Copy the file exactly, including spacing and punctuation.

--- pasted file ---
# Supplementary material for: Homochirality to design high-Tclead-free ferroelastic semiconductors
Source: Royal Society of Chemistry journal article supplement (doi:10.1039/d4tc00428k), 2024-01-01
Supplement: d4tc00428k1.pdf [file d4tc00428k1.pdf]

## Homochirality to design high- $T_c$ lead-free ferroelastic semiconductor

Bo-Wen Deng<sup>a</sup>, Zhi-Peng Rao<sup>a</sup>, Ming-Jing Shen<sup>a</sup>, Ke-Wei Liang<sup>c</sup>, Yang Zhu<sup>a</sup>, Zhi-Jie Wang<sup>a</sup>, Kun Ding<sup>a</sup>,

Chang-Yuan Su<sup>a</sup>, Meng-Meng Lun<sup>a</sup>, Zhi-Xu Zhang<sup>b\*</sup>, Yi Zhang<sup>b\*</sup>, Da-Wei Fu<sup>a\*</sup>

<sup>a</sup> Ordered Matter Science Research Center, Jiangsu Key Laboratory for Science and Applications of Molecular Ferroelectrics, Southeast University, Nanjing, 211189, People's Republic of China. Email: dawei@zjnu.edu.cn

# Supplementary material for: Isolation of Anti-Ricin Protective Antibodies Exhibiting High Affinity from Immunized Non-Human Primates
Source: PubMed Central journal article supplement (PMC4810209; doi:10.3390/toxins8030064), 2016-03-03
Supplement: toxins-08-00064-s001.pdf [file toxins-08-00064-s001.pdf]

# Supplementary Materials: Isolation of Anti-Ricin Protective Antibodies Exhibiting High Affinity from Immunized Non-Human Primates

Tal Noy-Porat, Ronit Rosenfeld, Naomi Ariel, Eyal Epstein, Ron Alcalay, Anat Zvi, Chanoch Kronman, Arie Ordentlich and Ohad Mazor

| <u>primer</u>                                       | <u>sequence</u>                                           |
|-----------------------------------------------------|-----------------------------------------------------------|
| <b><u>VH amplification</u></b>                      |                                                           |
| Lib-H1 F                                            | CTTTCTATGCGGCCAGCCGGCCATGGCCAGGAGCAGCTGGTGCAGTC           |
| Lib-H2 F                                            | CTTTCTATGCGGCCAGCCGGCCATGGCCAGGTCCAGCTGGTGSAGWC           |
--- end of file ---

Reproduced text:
# Supplementary material for: Homochirality to design high-Tclead-free ferroelastic semiconductors
Source: Royal Society of Chemistry journal article supplement (doi:10.1039/d4tc00428k), 2024-01-01
Supplement: d4tc00428k1.pdf [file d4tc00428k1.pdf]

## Homochirality to design high- $T_c$ lead-free ferroelastic semiconductor

Bo-Wen Deng<sup>a</sup>, Zhi-Peng Rao<sup>a</sup>, Ming-Jing Shen<sup>a</sup>, Ke-Wei Liang<sup>c</sup>, Yang Zhu<sup>a</sup>, Zhi-Jie Wang<sup>a</sup>, Kun Ding<sup>a</sup>,

Chang-Yuan Su<sup>a</sup>, Meng-Meng Lun<sup>a</sup>, Zhi-Xu Zhang<sup>b\*</sup>, Yi Zhang<sup>b\*</sup>, Da-Wei Fu<sup>a\*</sup>

<sup>a</sup> Ordered Matter Science Research Center, Jiangsu Key Laboratory for Science and Applications of Molecular Ferroelectrics, Southeast University, Nanjing, 211189, People's Republic of China. Email: dawei@zjnu.edu.cn

# Supplementary material for: Isolation of Anti-Ricin Protective Antibodies Exhibiting High Affinity from Immunized Non-Human Primates
Source: PubMed Central journal article supplement (PMC4810209; doi:10.3390/toxins8030064), 2016-03-03
Supplement: toxins-08-00064-s001.pdf [file toxins-08-00064-s001.pdf]

# Supplementary Materials: Isolation of Anti-Ricin Protective Antibodies Exhibiting High Affinity from Immunized Non-Human Primates

Tal Noy-Porat, Ronit Rosenfeld, Naomi Ariel, Eyal Epstein, Ron Alcalay, Anat Zvi, Chanoch Kronman, Arie Ordentlich and Ohad Mazor

| <u>primer</u>                                       | <u>sequence</u>                                           |
|-----------------------------------------------------|-----------------------------------------------------------|
| <b><u>VH amplification</u></b>                      |                                                           |
| Lib-H1 F                                            | CTTTCTATGCGGCCAGCCGGCCATGGCCAGGAGCAGCTGGTGCAGTC           |
| Lib-H2 F                                            | CTTTCTATGCGGCCAGCCGGCCATGGCCAGGTCCAGCTGGTGSAGWC           |